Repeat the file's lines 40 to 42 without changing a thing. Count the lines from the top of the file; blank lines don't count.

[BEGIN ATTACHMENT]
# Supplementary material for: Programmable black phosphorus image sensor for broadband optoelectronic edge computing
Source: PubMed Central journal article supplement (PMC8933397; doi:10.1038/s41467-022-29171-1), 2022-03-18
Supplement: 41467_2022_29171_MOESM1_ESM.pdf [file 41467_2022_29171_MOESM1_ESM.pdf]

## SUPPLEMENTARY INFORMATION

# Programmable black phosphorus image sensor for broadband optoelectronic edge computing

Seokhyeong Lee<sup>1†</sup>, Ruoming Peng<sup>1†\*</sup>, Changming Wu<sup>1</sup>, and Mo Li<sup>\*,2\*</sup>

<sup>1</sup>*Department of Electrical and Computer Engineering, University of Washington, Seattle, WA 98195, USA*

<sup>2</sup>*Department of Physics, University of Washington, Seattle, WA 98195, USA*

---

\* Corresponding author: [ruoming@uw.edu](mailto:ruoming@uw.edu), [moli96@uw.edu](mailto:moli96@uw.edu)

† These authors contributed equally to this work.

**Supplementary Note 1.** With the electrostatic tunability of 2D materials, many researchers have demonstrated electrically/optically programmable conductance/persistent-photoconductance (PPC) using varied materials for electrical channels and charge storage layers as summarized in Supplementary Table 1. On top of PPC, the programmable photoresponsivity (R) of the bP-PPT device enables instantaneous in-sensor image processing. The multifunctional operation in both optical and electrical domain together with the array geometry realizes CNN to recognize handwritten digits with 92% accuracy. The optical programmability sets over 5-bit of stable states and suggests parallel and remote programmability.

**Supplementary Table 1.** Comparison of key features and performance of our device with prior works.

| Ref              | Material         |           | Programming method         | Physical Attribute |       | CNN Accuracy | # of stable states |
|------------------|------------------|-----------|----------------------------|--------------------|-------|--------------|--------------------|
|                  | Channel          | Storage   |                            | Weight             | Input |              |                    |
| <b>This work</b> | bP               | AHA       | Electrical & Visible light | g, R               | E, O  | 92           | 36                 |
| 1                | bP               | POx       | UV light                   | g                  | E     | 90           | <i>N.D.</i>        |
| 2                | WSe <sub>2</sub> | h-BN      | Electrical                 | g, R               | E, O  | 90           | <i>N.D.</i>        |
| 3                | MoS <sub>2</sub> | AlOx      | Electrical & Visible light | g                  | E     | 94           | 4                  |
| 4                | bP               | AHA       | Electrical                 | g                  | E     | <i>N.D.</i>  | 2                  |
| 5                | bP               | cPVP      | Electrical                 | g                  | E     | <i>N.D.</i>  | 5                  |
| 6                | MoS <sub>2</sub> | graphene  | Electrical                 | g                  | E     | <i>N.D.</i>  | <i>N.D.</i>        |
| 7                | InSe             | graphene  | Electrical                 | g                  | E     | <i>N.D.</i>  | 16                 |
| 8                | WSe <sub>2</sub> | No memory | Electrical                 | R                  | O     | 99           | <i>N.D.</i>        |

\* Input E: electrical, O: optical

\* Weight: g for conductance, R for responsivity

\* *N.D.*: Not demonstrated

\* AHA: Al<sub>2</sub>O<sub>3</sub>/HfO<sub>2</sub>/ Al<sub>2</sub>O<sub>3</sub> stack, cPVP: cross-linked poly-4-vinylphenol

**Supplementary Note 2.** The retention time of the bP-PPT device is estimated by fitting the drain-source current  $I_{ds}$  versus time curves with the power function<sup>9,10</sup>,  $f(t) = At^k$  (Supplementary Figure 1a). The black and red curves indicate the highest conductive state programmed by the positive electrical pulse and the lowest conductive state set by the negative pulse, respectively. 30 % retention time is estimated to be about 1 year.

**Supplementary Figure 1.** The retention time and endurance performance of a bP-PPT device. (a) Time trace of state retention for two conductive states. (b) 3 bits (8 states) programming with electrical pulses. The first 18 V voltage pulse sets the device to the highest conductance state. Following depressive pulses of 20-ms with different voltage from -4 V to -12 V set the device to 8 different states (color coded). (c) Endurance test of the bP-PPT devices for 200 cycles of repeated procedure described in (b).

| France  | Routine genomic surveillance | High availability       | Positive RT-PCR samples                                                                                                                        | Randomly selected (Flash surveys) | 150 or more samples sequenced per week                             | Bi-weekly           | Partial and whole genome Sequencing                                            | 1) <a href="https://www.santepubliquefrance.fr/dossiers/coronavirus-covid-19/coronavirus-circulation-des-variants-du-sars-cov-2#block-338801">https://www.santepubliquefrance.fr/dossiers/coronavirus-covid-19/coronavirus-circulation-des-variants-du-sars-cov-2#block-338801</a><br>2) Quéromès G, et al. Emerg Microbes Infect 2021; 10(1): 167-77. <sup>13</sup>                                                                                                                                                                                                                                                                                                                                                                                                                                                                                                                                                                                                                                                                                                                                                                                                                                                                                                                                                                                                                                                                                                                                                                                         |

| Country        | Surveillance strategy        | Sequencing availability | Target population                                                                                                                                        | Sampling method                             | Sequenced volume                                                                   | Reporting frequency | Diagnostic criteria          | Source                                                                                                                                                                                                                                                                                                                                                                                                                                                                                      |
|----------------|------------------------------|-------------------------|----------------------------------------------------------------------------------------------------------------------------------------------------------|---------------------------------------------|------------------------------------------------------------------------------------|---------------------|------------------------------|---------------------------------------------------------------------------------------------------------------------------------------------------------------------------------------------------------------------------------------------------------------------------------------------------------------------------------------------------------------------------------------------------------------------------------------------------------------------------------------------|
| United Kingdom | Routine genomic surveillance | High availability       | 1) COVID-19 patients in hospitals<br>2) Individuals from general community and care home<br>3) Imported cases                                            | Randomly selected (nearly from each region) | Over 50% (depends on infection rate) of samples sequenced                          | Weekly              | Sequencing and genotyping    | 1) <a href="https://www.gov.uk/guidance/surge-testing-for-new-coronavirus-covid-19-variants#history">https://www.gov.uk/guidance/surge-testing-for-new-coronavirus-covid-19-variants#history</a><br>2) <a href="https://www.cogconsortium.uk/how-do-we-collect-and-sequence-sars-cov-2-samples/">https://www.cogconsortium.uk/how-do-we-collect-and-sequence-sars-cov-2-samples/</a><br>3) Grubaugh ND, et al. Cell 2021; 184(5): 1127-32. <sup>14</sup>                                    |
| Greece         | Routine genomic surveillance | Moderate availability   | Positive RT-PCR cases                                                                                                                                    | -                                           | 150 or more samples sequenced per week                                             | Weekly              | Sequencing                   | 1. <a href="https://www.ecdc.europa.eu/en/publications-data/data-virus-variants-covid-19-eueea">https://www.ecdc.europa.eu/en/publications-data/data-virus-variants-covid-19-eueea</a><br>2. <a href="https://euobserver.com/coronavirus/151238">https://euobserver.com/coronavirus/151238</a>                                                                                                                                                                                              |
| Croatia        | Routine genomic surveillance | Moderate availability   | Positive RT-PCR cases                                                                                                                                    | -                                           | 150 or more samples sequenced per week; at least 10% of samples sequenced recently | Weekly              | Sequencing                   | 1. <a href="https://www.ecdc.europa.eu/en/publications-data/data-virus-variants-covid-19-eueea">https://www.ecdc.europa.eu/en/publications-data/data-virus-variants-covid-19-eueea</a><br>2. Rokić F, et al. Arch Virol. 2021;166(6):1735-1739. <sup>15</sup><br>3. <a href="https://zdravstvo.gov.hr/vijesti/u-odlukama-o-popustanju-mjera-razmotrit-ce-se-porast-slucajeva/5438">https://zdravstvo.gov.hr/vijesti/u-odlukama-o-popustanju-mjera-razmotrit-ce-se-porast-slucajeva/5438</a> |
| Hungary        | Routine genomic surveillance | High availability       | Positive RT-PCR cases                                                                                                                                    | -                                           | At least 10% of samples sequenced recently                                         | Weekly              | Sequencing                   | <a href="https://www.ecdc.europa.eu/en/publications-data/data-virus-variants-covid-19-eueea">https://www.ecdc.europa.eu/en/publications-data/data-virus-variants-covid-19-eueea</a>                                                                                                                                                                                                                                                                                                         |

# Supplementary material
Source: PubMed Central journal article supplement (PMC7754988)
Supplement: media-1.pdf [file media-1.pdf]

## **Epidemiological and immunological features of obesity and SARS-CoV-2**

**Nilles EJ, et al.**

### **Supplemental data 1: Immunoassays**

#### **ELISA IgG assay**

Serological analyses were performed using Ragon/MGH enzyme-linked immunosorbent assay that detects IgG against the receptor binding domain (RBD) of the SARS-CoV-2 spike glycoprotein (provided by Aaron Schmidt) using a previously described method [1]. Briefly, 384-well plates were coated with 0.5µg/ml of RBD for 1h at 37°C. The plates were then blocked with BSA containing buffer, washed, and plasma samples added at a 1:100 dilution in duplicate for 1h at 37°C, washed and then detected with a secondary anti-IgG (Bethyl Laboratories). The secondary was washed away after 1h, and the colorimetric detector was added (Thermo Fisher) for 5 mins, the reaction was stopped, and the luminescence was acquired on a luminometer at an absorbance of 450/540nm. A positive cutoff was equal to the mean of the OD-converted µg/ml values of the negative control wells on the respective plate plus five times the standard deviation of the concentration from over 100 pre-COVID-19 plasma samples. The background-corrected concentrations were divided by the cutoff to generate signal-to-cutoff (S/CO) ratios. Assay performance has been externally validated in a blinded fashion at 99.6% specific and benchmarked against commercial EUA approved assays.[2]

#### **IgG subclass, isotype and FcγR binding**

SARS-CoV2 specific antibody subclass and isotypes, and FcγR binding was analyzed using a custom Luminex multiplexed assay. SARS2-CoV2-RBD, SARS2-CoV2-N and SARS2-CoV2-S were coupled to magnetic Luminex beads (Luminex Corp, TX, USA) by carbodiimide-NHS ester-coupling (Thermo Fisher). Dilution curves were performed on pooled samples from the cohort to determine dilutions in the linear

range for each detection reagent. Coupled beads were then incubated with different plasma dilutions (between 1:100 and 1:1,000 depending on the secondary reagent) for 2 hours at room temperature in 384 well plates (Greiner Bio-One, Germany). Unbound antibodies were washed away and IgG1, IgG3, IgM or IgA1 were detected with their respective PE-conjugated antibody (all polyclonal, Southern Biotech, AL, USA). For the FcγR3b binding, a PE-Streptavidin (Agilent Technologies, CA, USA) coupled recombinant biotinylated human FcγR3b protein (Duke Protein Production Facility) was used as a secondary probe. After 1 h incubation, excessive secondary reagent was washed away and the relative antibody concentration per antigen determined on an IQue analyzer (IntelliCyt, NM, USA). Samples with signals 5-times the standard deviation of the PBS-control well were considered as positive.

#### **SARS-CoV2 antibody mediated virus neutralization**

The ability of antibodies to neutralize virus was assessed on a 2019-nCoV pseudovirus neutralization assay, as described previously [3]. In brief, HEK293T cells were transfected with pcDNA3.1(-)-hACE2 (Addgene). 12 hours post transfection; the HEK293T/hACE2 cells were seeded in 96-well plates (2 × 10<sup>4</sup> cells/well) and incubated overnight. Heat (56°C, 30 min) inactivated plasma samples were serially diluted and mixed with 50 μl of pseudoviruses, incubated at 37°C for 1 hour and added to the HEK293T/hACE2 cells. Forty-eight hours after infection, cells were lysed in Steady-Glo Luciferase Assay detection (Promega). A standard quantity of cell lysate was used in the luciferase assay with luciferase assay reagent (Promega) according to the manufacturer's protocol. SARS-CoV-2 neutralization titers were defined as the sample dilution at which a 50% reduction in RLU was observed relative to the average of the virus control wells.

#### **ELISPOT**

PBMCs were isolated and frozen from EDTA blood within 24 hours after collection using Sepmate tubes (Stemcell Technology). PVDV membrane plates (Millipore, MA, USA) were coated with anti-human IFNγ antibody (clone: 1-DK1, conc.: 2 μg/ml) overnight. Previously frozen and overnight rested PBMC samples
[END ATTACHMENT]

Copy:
Source: PubMed Central journal article supplement (PMC7754988)
Supplement: media-1.pdf [file media-1.pdf]

## **Epidemiological and immunological features of obesity and SARS-CoV-2**